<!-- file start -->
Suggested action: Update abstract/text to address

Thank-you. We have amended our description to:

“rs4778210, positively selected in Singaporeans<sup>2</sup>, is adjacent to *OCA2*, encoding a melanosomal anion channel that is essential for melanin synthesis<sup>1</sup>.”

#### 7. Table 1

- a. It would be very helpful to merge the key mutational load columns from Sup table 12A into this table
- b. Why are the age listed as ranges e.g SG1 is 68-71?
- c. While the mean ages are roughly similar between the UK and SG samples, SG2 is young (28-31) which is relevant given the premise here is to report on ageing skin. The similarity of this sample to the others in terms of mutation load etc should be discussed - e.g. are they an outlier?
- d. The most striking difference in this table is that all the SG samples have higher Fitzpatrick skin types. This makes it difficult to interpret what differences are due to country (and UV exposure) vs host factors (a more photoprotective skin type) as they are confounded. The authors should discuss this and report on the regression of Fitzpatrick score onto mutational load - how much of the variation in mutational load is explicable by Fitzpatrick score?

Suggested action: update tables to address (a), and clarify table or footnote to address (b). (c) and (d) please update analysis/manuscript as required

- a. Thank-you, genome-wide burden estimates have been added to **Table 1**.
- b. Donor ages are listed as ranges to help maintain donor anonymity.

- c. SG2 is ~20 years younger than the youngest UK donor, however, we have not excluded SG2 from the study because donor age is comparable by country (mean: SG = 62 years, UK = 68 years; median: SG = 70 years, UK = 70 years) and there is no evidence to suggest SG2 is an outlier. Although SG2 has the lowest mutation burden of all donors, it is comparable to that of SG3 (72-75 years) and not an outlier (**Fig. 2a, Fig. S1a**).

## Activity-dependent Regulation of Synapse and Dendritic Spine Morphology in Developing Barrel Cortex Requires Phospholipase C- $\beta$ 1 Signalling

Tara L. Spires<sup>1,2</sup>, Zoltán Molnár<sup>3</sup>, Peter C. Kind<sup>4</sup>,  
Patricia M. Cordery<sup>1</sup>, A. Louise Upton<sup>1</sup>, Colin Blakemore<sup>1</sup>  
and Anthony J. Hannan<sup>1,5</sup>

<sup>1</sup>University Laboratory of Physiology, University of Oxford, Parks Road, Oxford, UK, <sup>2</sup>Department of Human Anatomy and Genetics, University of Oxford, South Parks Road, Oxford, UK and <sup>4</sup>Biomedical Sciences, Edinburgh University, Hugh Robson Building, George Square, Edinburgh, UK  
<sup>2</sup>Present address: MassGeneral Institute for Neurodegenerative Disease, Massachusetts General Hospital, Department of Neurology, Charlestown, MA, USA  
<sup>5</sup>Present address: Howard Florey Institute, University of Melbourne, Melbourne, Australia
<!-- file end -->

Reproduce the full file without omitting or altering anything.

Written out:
Suggested action: Update abstract/text to address

Thank-you. We have amended our description to:

“rs4778210, positively selected in Singaporeans<sup>2</sup>, is adjacent to *OCA2*, encoding a melanosomal anion channel that is essential for melanin synthesis<sup>1</sup>.”

#### 7. Table 1

- a. It would be very helpful to merge the key mutational load columns from Sup table 12A into this table
- b. Why are the age listed as ranges e.g SG1 is 68-71?
- c. While the mean ages are roughly similar between the UK and SG samples, SG2 is young (28-31) which is relevant given the premise here is to report on ageing skin. The similarity of this sample to the others in terms of mutation load etc should be discussed - e.g. are they an outlier?
- d. The most striking difference in this table is that all the SG samples have higher Fitzpatrick skin types. This makes it difficult to interpret what differences are due to country (and UV exposure) vs host factors (a more photoprotective skin type) as they are confounded. The authors should discuss this and report on the regression of Fitzpatrick score onto mutational load - how much of the variation in mutational load is explicable by Fitzpatrick score?

Suggested action: update tables to address (a), and clarify table or footnote to address (b). (c) and (d) please update analysis/manuscript as required

- a. Thank-you, genome-wide burden estimates have been added to **Table 1**.
- b. Donor ages are listed as ranges to help maintain donor anonymity.

- c. SG2 is ~20 years younger than the youngest UK donor, however, we have not excluded SG2 from the study because donor age is comparable by country (mean: SG = 62 years, UK = 68 years; median: SG = 70 years, UK = 70 years) and there is no evidence to suggest SG2 is an outlier. Although SG2 has the lowest mutation burden of all donors, it is comparable to that of SG3 (72-75 years) and not an outlier (**Fig. 2a, Fig. S1a**).

## Activity-dependent Regulation of Synapse and Dendritic Spine Morphology in Developing Barrel Cortex Requires Phospholipase C- $\beta$ 1 Signalling

Tara L. Spires<sup>1,2</sup>, Zoltán Molnár<sup>3</sup>, Peter C. Kind<sup>4</sup>,  
Patricia M. Cordery<sup>1</sup>, A. Louise Upton<sup>1</sup>, Colin Blakemore<sup>1</sup>  
and Anthony J. Hannan<sup>1,5</sup>

<sup>1</sup>University Laboratory of Physiology, University of Oxford, Parks Road, Oxford, UK, <sup>2</sup>Department of Human Anatomy and Genetics, University of Oxford, South Parks Road, Oxford, UK and <sup>4</sup>Biomedical Sciences, Edinburgh University, Hugh Robson Building, George Square, Edinburgh, UK  
<sup>2</sup>Present address: MassGeneral Institute for Neurodegenerative Disease, Massachusetts General Hospital, Department of Neurology, Charlestown, MA, USA  
<sup>5</sup>Present address: Howard Florey Institute, University of Melbourne, Melbourne, Australia